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Comment Re:What about the presumption of innocence? (Score 1) 1590

That's never been the whole rule. You're presumed innocent as a matter of finding a verdict, but your'e not, nor have you ever been, presumed innocent as a matter of evidence gathering and investigation. This law, whether or not it is a good one, makes the correct move in requiring that the officers have some probable cause to begin investigating you (i.e. asking for papers). One question going forward is: is your skin color sufficient probable cause? If the officers think so, then that's going to be unconstitutional. However, how about if you're sitting in front of Home Depot in dirty clothes, not going in or out to buy anything. Is that probable cause to think you might be an illegal day-laborer? It's not sufficient to arrest you, but it's sufficient (most likely) for the officers to ask for your papers, i.e. to begin an investigation.

Compare it to less onerous laws. Right now, any officer in any state can ask you a question while you're walking on the street. You're entitled to ignore it and keep walking, and they can't just arrest you for that. However, let's say it is 2am and you're in a residential area. Now, the officer might have some concerns as to why you're walking around. In the interest of safety, he wants to know your name. When you're uncooperative, he might have enough probable cause to think you're there for criminal reasons. What if he sees what looks like a burglar's tool? (most states criminalize burglar tools).

If this law is enforced reasonably, it won't be trouble for anyone but criminals. If it's enforced unreasonably, it'll be wildly unconstitutional. The question is going to be the police, ultimately.

Comment Re:Poor jerk. (Score 1) 982

This is one of those situations that seems to draw out the difference between people who understand how policies work (as opposed to laws) and those who do not. A policy is an internal rule generated by an organization. Violating it exposes you to internal punishments and (in some situations) contractual civil liability. In other words, violating your policy might lead to some sort of penalty but not jail time. However, a law is above and beyond the scope of your organization, even when that organization is the government itself. The law that this idiot violated superseded the policy considerations. He was correct in his policy interpretation, I believe, but he was grossly incorrect in his legal interpretation. While the policy bound him against divulging the passwords, the law bound him against NOT divulging the passwords. He was in an ugly situation - one initiated by his boss - but this idiot is the one who broke the law to protect a policy.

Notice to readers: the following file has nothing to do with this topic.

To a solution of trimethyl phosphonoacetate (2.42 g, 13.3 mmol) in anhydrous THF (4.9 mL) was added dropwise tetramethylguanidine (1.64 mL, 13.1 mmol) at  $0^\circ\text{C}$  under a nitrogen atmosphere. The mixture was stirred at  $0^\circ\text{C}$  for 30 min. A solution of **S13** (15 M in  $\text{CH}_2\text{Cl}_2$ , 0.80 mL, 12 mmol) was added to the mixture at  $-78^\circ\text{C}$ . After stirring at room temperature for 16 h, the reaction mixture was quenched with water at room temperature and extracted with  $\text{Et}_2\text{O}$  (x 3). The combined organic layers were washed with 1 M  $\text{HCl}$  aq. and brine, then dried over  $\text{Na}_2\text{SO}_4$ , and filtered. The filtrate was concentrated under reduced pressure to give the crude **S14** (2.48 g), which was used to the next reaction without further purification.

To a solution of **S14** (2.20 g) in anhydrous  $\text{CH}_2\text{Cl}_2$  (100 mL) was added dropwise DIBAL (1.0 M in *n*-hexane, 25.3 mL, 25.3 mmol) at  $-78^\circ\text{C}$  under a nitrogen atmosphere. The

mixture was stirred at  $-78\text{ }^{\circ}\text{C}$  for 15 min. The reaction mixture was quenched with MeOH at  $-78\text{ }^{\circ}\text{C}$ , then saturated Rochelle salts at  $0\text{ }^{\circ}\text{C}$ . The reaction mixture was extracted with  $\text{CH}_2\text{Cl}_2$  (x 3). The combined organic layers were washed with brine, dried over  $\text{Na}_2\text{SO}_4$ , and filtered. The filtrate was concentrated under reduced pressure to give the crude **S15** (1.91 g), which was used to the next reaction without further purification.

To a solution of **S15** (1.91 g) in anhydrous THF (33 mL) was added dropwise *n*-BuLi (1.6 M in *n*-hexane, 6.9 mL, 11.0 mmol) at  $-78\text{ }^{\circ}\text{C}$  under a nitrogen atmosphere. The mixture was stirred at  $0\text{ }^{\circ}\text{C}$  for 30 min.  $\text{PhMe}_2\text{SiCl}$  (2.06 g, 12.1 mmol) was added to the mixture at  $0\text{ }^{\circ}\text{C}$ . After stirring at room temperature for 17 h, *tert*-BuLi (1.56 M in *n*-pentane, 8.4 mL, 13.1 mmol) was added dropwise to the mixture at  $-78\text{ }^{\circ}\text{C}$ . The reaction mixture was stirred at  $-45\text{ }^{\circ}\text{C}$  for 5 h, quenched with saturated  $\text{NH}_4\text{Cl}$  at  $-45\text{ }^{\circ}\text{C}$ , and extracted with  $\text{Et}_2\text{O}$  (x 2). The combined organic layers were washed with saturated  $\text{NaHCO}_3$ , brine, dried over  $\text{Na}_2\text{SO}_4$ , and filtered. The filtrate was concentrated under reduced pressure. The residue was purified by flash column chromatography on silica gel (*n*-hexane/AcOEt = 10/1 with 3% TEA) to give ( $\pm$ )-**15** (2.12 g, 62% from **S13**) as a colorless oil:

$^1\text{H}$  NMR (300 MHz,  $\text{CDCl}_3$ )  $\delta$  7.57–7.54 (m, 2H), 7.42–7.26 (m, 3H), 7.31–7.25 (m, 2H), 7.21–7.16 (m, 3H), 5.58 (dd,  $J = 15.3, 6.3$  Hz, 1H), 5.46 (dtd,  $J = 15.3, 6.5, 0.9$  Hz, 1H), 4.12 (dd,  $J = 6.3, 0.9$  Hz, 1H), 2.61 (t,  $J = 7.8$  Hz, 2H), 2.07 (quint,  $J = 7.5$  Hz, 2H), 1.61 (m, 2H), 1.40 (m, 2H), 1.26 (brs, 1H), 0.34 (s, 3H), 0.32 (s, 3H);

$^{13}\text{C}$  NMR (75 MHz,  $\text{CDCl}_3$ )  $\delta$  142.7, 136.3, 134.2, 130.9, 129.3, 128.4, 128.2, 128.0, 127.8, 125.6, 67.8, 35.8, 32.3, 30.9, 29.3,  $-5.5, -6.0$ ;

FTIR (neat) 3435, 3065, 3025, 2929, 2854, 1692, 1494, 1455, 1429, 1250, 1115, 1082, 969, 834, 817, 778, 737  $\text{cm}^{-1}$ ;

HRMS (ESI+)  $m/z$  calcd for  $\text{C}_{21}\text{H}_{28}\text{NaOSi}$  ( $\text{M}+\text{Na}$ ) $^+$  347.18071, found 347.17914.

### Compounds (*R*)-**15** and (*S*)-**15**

Comment Re:I have a question (Score 1) 388

Admitting you did what you're accused of is admitting "guilt". This is a factual decision, and so witnesses are able to testify on that matter. "Liability", on the other hand, is legal obligation to someone else due to your guilt. It is a legal decision, and so witnesses are (generally) not supposed to testify on that matter, especially when that legal decision is the central issue of the case. The question was improper as it apparently called for something beyond the scope of the witness' testimony. I'm not sure it actually was (the issue of "I am liability" versus "I am liable" is subtle...) but that's the idea.

Comment Re:I have a question (Score 2, Insightful) 388

(a) The whole "life sentence" concept isn't valid. By that reasoning, poor people should just commit massive financial damages against people, because they wouldn't be subject to paying those damages.
(b) He's going to just declare bankruptcy anyway, so it's rather silly as an aside.
(c) Separately, his lawyers appear to be grossly unable to handle the case; their "fair use" defense was beyond laughable, and they failed to preserve the easiest possible appeal (which would have, at least, probably allowed a retrial).

Comment Re:The simple one. (Score 4, Interesting) 678

Blaming everyone else is bad, but you're completely inanely conflating viruses, etc. and porn.